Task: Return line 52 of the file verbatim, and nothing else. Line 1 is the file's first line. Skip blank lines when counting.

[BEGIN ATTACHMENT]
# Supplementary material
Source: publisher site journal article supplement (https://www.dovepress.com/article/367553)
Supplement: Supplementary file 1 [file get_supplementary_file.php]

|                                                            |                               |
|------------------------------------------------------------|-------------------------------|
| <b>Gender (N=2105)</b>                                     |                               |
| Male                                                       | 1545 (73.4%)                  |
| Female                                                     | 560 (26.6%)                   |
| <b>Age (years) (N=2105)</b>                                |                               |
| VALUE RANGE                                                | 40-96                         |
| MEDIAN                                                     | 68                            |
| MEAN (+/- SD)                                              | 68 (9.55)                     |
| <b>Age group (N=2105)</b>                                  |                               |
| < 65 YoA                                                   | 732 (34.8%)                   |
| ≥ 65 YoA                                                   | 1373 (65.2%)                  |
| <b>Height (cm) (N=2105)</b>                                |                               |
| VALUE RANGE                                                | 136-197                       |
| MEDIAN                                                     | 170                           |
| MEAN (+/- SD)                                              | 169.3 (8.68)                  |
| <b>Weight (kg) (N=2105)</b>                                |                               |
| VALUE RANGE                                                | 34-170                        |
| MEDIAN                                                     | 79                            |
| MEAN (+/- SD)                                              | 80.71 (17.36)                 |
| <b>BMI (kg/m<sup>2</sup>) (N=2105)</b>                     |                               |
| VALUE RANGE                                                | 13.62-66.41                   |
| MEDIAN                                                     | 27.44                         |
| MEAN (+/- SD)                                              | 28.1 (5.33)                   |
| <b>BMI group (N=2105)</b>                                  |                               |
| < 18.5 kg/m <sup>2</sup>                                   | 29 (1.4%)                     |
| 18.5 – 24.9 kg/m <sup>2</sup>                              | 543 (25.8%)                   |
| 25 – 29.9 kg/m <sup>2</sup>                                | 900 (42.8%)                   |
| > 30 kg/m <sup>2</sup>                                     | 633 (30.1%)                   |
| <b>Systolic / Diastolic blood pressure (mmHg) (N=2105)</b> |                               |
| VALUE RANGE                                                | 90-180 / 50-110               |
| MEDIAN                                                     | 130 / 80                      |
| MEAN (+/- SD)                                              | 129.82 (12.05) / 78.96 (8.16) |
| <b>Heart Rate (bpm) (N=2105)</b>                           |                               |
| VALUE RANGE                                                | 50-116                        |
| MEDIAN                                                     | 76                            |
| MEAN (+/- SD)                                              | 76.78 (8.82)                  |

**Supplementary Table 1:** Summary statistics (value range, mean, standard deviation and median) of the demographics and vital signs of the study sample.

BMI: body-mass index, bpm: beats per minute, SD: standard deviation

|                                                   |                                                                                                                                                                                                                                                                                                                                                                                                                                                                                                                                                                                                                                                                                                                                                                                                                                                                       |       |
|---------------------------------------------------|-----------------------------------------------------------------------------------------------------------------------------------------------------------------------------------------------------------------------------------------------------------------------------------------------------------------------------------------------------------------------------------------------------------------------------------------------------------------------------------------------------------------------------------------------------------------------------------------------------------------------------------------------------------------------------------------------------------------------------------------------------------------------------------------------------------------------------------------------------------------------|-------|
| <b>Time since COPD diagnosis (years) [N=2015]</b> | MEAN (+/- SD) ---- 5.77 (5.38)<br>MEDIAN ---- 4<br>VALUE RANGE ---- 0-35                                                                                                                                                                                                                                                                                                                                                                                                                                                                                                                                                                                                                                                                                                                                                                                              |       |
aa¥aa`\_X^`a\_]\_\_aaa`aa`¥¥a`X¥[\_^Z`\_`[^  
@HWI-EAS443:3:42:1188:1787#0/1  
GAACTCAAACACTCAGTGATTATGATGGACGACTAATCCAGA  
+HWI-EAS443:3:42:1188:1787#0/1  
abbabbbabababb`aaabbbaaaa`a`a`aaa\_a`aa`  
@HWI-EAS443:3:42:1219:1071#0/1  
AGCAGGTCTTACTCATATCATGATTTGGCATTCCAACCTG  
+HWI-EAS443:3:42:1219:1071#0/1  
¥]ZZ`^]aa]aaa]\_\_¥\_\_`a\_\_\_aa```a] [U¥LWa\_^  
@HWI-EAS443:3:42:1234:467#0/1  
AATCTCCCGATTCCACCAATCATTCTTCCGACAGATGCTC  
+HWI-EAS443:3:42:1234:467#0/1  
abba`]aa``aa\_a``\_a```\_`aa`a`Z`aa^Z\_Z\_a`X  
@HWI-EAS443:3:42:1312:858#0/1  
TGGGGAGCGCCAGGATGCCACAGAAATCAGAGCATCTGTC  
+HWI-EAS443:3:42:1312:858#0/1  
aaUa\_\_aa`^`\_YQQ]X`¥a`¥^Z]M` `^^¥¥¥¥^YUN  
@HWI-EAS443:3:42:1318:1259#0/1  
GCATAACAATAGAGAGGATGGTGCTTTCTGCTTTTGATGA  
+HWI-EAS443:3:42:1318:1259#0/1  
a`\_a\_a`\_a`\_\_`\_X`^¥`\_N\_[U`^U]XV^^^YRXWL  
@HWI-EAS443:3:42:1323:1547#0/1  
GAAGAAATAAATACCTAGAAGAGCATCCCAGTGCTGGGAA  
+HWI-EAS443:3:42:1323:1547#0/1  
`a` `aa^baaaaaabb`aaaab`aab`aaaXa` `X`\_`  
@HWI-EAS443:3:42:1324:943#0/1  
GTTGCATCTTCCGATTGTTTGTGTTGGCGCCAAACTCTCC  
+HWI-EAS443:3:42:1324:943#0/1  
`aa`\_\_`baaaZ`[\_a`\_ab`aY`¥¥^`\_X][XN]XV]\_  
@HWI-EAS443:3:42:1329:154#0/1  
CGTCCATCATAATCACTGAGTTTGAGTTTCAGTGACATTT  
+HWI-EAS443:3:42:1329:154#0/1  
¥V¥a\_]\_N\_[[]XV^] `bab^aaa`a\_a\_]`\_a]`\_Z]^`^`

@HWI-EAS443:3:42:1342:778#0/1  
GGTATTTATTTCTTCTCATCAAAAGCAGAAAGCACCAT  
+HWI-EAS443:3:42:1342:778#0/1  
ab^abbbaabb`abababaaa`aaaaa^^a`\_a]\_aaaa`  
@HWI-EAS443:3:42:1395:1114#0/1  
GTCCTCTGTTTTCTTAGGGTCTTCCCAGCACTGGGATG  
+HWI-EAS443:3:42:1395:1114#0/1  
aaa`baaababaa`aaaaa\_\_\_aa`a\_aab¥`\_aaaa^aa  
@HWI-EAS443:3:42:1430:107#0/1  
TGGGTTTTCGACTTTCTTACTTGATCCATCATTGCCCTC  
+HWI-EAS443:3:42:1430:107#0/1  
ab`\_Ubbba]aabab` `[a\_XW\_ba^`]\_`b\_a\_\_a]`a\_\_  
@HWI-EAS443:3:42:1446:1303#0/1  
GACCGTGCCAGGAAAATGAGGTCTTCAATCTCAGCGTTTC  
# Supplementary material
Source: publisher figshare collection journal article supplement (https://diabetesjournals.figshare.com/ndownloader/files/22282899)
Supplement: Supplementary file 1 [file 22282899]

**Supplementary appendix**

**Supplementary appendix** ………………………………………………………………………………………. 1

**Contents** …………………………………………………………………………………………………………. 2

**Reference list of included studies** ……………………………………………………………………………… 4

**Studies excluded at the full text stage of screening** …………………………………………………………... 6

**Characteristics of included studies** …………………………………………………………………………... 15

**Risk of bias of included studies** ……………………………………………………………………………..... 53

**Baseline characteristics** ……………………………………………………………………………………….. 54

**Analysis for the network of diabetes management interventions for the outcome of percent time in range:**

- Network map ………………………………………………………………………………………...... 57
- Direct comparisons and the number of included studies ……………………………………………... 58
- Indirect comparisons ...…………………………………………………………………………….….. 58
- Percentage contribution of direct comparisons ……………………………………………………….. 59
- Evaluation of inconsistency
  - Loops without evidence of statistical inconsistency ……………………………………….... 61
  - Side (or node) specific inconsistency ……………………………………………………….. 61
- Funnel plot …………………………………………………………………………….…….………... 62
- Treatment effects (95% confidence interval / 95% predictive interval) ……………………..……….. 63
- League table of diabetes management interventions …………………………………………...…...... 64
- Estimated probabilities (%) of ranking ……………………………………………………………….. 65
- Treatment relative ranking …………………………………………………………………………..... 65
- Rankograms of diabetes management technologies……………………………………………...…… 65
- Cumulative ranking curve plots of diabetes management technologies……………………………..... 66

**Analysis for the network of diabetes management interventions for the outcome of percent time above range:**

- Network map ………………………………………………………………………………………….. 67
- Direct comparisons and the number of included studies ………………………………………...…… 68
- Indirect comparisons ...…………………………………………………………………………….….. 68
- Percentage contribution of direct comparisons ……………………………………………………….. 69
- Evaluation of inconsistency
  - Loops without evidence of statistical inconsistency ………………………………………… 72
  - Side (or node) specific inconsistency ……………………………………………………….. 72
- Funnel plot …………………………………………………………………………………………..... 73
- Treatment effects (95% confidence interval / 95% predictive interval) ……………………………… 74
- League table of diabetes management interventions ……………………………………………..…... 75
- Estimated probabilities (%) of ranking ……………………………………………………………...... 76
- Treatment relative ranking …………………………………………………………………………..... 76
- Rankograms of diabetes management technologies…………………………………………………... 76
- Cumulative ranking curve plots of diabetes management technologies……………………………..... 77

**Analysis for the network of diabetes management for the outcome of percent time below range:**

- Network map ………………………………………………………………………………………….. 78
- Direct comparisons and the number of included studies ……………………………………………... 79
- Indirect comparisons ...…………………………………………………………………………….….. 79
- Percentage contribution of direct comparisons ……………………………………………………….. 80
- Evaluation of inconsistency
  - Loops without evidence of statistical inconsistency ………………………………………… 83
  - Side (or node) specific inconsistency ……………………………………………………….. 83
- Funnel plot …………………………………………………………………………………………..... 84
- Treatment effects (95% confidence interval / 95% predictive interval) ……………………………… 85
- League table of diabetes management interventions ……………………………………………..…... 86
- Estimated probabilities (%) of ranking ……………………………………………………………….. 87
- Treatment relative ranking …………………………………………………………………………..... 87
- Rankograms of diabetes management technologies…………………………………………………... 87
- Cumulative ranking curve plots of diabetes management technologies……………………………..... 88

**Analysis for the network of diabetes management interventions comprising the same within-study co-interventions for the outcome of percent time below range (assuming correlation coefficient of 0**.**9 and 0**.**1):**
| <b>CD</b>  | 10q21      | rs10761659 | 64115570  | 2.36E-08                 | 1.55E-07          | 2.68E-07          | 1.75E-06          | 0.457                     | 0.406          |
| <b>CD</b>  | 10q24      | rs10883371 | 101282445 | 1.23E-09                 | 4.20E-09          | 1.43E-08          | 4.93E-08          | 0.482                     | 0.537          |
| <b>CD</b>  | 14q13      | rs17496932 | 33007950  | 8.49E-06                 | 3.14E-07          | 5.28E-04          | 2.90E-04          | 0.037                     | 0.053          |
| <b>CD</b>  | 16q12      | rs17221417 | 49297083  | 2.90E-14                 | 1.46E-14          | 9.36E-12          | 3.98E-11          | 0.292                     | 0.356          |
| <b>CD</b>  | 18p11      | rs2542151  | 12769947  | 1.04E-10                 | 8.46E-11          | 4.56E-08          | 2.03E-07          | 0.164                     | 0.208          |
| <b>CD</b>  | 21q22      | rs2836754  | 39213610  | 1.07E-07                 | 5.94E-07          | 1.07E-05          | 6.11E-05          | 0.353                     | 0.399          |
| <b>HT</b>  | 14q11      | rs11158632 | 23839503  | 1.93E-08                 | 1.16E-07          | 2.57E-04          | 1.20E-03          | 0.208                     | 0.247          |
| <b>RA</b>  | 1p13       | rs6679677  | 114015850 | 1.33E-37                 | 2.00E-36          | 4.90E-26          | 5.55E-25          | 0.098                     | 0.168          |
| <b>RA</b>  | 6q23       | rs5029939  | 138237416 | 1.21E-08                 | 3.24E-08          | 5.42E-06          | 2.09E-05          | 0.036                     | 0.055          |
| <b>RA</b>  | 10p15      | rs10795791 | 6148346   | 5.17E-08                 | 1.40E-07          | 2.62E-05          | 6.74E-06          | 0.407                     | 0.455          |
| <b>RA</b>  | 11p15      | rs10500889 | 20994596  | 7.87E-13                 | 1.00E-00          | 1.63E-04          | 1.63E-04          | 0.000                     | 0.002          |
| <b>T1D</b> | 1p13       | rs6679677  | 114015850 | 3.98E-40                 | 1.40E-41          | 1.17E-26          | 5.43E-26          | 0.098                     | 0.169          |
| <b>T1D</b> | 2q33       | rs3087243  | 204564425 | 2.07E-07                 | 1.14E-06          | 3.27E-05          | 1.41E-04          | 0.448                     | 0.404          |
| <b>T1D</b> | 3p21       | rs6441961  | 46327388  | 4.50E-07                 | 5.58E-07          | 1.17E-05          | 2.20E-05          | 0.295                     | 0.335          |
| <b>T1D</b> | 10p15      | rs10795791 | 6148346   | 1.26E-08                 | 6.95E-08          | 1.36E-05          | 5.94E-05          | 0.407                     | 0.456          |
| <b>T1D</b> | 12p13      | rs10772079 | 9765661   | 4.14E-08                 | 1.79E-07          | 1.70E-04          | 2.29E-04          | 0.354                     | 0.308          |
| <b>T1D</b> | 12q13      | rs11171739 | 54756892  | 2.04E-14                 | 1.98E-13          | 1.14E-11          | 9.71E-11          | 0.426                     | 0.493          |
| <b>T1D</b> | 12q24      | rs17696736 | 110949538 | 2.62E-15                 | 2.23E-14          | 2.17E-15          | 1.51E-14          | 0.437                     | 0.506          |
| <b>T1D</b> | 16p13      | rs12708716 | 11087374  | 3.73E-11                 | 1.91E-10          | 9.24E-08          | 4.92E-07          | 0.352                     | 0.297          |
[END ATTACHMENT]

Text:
AGCAGGTCTTACTCATATCATGATTTGGCATTCCAACCTG  